Abstract: In this paper, I argue that the time has come to carry out systematic risk analyses of the second order. That is to say, it is now urgent to use risk analytical methodology to assess our risk analytical methods and processes themselves. It is currently uncommon to use risk analytical methods to calculate the risks associated with new risk tools. For example, when the precautionary principle was introduced into legislation in Canada (Canadian Environmental Protection Act, CEPA 1999) no formal assessment of the risks and benefits associated with this introduction were carried out. Arguably, applied to itself, the precautionary principle could have prevented its own implementation: the introduction of the precautionary principle into CEPA met the principle’s three conditions of (a) the need for a decision, (b) a risk of serious or irreversible harm and (c) a lack of full scientific certainty. I will show practical applications. Because of technological acceleration and diffusion, we are now entering a period where many traditional methods of product risk assessment will become ineffective. The diffusion and proliferation of very cheap “do-it-yourself” technological platforms will require that regulatory paradigms are re-thought from a second-order perspective. Furthermore, the rate of change creates novel risk categories such as the total loss of personal privacy, the integration of human brains and computers, the loss of selfhood, and social change at an unseen scale. I argue that we should use our own discipline – the vast experience available in the risk analysis community – to evaluate the performance of existing risk-based decision-systems, to forecast their future performance, and to assess novel approaches that may emerge as a result of the stresses outlined above.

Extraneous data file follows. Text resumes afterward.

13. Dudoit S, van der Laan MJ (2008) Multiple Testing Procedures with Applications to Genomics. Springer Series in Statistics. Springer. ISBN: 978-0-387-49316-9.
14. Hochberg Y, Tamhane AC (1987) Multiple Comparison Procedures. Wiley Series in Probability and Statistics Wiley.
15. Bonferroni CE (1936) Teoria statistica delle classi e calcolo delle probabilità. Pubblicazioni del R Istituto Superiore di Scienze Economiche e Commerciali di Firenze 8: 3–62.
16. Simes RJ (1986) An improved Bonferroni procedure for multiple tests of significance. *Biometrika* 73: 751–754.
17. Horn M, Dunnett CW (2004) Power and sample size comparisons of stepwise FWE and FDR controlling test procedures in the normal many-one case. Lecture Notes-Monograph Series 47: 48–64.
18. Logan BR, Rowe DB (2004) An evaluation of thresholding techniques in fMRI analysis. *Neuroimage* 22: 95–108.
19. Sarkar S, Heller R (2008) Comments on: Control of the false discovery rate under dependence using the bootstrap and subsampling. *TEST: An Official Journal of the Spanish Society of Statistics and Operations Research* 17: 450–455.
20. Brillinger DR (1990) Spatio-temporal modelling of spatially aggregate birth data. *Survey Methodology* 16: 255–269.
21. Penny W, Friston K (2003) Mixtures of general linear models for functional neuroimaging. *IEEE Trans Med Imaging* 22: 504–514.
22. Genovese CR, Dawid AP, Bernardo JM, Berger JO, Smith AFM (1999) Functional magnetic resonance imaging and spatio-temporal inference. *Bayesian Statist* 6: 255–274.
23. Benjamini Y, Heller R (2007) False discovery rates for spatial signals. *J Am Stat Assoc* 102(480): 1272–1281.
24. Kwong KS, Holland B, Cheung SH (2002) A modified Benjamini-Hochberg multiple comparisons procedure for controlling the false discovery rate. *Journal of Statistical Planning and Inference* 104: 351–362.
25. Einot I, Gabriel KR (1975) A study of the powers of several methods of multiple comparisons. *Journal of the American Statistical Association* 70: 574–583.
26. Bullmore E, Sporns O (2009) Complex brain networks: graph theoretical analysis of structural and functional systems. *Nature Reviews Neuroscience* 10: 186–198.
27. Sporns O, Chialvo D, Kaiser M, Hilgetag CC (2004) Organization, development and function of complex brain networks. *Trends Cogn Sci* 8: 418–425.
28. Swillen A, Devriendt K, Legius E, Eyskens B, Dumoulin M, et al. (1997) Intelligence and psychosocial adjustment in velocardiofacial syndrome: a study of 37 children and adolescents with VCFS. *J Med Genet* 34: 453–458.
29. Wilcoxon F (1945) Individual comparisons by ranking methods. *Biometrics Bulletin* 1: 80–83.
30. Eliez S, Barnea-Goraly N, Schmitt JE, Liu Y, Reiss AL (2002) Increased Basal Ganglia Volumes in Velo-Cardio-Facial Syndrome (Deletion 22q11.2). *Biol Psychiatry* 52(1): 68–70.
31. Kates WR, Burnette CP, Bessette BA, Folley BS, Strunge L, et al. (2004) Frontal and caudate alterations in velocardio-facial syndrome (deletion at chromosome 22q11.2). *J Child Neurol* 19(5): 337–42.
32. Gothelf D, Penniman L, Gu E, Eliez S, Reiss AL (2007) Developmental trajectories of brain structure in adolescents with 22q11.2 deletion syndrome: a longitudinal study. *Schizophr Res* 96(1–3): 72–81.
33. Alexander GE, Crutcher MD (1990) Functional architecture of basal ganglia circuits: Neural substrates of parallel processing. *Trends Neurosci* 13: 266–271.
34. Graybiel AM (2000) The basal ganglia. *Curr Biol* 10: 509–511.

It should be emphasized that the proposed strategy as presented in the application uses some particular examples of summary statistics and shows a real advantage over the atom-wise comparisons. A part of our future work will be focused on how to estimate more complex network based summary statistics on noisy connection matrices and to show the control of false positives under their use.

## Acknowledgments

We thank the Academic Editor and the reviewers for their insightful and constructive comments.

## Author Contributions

W3-J.2  13:50  Credibility of risk assessments. Wiedemann PM*, Boerner F; Karlsruhe Institut of Technology   peter.wiedemann@wf-emf.org